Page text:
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Battling Big Business Bullies On The IP Playground: Minimizing The Risk Of Intellectual Property Litigation


by Christopher Rosario, associate attorney with McManis Faulkner

Business is inherently risky. It is even riskier if you are the new kid on the block. Big businesses  have the means to bully fresh-faced startups into the red—permanently. While some of this bullying may be unlawful, the courts are a common tool used by large corporations to protect their turf. Aspiring entrepreneurs may mitigate the risk of litigation however by taking steps to avoid infringing the legal rights of established players. Intellectual property (IP), which is often the heart of a startup’s business strategy, constitutes a small subset of those legal rights.

Not surprisingly, the best way to avoid IP litigation is to prepare for IP litigation, and the only way to prepare is to know the rules. The four types of intellectual property are trademarks, copyrights, trade secrets and patents. Patent law is complex, highly specialized, and beyond the scope of this article.  Since patents must be publicly registered with the United States Patent and Trademark Office (USPTO) however, a licensed patent attorney may provide valuable advice based on the parameters specified in a competitor’s patent.


Trademarks are an easily recognizable form of intellectual property. They include any combination of words, names, symbols or devices that are used or registered to identify and distinguish the trademark owner’s goods from those manufactured or sold by others. Generally, popular name brands are trademarks.

Federal trademark law protects the public from the likelihood of confusion as to the source of goods. Courts consider several factors when determining whether confusion is likely, including the similarity of the marks, the similarity of the goods, the similarity of trade channels, the fame of the established mark, and the care customers take when buying the product, among others.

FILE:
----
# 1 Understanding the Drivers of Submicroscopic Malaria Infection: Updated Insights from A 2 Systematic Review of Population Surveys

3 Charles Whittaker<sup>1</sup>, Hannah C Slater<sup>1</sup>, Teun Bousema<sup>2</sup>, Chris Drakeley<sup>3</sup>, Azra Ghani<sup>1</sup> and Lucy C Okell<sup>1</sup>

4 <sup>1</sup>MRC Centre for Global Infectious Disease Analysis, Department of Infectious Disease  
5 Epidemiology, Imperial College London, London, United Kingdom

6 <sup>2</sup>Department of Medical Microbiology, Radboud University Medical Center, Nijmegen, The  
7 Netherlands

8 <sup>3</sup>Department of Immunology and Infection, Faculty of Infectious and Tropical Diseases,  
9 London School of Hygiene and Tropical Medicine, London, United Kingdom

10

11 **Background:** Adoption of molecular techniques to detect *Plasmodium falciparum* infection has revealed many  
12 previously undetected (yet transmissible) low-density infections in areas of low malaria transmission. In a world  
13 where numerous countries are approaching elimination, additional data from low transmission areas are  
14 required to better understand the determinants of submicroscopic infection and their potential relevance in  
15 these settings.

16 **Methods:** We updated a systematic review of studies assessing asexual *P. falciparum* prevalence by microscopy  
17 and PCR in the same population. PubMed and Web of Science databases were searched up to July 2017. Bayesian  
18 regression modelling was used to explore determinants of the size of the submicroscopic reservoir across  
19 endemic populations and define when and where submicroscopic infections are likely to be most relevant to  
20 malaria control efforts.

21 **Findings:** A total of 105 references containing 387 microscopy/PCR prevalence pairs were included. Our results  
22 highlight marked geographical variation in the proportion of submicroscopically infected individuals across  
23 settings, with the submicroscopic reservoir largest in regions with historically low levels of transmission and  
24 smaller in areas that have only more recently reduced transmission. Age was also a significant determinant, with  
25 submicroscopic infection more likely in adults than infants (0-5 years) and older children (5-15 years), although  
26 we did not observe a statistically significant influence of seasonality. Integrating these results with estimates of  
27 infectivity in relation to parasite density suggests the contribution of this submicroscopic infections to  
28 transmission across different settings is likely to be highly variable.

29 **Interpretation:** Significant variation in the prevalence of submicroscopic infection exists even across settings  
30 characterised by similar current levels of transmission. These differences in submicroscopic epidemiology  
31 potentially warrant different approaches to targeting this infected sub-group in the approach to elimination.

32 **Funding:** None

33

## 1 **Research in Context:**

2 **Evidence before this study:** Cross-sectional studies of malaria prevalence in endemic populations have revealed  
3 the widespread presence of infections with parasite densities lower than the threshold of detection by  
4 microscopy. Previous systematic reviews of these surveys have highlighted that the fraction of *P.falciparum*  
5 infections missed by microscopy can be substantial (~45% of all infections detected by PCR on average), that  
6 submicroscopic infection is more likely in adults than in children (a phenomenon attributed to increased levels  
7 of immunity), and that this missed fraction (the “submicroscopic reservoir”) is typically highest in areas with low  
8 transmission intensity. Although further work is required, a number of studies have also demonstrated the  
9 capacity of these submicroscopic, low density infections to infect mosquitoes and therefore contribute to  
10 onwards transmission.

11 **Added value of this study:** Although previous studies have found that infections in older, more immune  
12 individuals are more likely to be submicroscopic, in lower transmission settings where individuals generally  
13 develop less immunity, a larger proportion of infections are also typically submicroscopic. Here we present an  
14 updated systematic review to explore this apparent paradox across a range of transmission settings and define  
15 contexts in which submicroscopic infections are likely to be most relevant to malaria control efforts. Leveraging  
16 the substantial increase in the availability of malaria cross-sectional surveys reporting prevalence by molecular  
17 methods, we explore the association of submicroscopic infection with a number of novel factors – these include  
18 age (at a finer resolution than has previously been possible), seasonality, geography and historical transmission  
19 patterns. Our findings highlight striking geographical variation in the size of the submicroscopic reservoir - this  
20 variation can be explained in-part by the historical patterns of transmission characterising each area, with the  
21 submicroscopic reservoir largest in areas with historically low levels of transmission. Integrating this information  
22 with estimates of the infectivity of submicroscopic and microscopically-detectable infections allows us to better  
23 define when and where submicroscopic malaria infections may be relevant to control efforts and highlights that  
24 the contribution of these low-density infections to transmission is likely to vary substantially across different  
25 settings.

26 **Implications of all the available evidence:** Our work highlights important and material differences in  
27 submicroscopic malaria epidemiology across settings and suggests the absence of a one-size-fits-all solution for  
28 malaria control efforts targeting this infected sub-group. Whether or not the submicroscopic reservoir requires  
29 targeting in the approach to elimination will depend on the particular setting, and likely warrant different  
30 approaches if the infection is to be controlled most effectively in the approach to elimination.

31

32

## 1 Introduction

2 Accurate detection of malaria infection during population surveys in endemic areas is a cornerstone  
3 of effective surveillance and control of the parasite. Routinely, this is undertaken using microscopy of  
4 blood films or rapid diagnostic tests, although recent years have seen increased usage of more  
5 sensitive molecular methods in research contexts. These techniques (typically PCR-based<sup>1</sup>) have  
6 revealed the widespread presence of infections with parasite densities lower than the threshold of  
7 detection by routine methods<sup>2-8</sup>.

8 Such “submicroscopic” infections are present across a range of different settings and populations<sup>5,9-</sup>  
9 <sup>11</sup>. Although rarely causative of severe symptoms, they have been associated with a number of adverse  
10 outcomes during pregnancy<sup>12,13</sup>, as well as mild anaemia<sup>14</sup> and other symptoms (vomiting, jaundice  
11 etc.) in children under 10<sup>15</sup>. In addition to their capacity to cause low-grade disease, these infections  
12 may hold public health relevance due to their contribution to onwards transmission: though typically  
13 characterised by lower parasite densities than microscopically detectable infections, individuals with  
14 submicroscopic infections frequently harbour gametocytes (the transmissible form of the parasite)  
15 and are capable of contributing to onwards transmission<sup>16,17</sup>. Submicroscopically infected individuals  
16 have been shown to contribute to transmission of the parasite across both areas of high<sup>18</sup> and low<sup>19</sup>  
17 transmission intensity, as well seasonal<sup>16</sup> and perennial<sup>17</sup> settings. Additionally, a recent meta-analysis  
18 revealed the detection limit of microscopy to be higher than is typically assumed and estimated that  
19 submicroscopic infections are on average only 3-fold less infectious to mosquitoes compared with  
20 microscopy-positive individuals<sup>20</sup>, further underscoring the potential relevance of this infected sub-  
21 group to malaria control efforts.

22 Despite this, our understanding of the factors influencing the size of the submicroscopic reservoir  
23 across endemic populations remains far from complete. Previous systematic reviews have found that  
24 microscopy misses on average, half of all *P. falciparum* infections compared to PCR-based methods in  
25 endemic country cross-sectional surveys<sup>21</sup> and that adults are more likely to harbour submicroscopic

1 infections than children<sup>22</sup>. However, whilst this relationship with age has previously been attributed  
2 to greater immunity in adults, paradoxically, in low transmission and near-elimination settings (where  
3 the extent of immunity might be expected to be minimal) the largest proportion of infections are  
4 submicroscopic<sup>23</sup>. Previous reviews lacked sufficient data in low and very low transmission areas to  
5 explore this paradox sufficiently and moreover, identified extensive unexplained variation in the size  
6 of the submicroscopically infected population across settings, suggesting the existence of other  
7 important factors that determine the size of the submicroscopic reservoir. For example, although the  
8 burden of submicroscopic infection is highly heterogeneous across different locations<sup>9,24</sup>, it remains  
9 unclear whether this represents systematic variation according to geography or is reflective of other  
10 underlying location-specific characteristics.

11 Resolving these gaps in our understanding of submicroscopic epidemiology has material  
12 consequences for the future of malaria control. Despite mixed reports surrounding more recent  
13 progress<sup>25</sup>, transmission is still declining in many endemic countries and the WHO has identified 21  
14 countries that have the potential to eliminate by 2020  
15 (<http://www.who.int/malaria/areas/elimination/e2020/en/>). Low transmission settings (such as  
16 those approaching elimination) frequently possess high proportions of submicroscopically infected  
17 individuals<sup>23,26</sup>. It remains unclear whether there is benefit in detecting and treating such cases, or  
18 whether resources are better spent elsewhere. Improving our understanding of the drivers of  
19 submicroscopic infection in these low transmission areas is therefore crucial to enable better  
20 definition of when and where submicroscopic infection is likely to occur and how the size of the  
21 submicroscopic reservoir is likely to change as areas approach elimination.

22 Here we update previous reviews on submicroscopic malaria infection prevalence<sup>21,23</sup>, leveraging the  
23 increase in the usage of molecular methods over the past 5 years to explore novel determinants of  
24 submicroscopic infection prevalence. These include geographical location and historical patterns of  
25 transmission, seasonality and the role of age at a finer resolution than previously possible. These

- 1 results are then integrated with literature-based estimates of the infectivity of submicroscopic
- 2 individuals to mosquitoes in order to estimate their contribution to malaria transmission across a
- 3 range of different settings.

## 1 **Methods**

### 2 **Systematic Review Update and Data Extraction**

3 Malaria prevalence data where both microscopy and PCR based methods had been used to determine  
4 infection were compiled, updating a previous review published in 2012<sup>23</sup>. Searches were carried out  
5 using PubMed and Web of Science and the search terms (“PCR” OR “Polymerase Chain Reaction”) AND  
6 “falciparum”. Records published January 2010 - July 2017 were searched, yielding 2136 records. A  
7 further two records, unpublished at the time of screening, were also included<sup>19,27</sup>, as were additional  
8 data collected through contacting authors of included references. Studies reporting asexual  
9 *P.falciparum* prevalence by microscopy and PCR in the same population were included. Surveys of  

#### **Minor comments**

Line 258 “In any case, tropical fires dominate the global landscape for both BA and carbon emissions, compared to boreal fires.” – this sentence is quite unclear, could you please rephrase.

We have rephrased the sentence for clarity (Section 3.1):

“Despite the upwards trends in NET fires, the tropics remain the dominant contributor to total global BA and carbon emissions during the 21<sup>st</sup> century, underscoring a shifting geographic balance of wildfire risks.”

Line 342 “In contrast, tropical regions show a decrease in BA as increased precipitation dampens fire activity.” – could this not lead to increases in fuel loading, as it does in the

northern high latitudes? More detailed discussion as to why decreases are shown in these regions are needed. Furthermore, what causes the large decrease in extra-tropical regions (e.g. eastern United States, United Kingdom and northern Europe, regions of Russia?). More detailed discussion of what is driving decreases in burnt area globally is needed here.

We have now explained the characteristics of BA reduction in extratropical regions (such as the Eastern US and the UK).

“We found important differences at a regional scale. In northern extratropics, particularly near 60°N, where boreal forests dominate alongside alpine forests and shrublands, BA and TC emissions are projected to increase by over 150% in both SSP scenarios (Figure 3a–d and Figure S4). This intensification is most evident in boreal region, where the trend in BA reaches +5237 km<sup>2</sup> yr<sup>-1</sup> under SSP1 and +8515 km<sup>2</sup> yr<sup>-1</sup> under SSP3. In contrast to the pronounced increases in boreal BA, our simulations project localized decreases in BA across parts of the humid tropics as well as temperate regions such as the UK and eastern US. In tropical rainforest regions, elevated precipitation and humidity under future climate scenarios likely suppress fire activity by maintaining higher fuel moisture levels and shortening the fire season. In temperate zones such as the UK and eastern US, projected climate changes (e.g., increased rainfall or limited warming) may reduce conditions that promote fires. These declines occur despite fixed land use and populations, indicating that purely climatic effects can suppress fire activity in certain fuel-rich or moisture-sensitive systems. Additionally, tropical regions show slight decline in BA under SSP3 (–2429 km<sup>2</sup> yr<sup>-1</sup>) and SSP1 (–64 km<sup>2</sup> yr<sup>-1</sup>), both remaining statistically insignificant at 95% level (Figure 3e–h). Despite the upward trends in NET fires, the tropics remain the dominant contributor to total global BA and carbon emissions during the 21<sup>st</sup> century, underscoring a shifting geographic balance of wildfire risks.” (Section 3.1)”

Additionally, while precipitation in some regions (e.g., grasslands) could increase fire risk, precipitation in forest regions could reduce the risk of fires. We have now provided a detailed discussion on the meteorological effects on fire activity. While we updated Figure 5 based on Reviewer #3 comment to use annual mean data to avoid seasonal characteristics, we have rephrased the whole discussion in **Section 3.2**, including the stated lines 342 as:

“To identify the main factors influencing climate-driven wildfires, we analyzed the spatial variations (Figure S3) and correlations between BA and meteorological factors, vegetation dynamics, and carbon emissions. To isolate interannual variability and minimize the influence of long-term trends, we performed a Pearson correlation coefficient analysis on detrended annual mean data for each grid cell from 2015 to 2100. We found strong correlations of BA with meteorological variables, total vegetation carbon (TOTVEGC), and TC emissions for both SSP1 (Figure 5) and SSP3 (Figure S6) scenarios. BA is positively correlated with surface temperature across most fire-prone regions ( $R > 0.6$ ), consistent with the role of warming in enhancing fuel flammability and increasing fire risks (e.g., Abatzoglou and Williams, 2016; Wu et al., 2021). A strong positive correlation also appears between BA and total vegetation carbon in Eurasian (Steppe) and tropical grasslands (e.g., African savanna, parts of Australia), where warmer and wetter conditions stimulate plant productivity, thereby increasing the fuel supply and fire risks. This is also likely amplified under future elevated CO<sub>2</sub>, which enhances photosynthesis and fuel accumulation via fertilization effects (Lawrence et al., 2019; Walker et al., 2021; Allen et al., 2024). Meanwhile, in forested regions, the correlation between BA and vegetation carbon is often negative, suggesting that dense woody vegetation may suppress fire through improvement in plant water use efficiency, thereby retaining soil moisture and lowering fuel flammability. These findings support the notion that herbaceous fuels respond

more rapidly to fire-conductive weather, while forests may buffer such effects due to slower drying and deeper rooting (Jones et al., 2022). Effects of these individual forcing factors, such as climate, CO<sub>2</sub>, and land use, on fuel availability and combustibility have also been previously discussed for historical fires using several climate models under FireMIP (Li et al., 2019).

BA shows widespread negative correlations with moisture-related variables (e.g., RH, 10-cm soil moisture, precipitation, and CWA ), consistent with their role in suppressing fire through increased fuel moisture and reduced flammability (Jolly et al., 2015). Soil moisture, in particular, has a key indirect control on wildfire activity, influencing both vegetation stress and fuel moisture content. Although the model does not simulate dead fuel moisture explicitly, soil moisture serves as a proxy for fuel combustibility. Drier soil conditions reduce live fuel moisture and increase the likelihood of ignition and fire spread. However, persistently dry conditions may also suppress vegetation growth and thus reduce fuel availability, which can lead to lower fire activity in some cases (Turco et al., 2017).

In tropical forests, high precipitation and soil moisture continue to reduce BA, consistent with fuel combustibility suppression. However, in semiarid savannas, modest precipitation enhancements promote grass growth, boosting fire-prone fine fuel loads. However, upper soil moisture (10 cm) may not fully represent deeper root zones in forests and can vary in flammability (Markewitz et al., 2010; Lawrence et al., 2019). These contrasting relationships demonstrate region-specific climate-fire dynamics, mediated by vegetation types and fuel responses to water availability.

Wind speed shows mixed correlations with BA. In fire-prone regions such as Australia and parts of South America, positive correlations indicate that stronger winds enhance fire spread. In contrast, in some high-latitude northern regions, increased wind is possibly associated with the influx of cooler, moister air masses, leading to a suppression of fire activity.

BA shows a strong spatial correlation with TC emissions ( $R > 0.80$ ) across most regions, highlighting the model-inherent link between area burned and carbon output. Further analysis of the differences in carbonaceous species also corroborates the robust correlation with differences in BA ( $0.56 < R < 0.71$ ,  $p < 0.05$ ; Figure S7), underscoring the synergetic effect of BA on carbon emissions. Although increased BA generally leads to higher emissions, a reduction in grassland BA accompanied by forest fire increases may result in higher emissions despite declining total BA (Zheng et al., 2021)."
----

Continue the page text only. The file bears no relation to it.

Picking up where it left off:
To avoid infringing the marks of direct and indirect competitors, a startup should, before establishing its own mark, research the trademarks of established businesses. Common sense and general market research are good starting points. However, the USPTO provides a free searchable database of federally registered trademarks on the Trademark Electronic Search System (TESS). A few TESS searches may help narrow the entrepreneur’s search for the perfect brand name. While the TESS is publicly available, an experienced trademark attorney should be consulted before making any final legal decisions.


Copyrights are also highly visible. Copyright is most known for its protection of entertainment media. However, copyrightable subject matter includes sculptural, architectural, dramatic, pantomimic  and choreographic works, in addition to sound recordings and music; literary works; pictorial, graphic and motion picture arts; and other audio-visual works.

Generally, the Copyright Act allows a copyright owner to prevent others from reproducing the work, preparing derivative works, distributing copies, or publicly displaying works. These exclusive rights are often monetized by the owner through the use of licensing agreements. For example, a computer program may be considered a literary work protected by copyright. The owner of such a copyright generally distributes the computer program to customers, subject to an end user license agreement, which usually allows necessary copies to be made on the end user’s machines. Violating the terms of the license agreement may be an infringement of the owner’s copyright.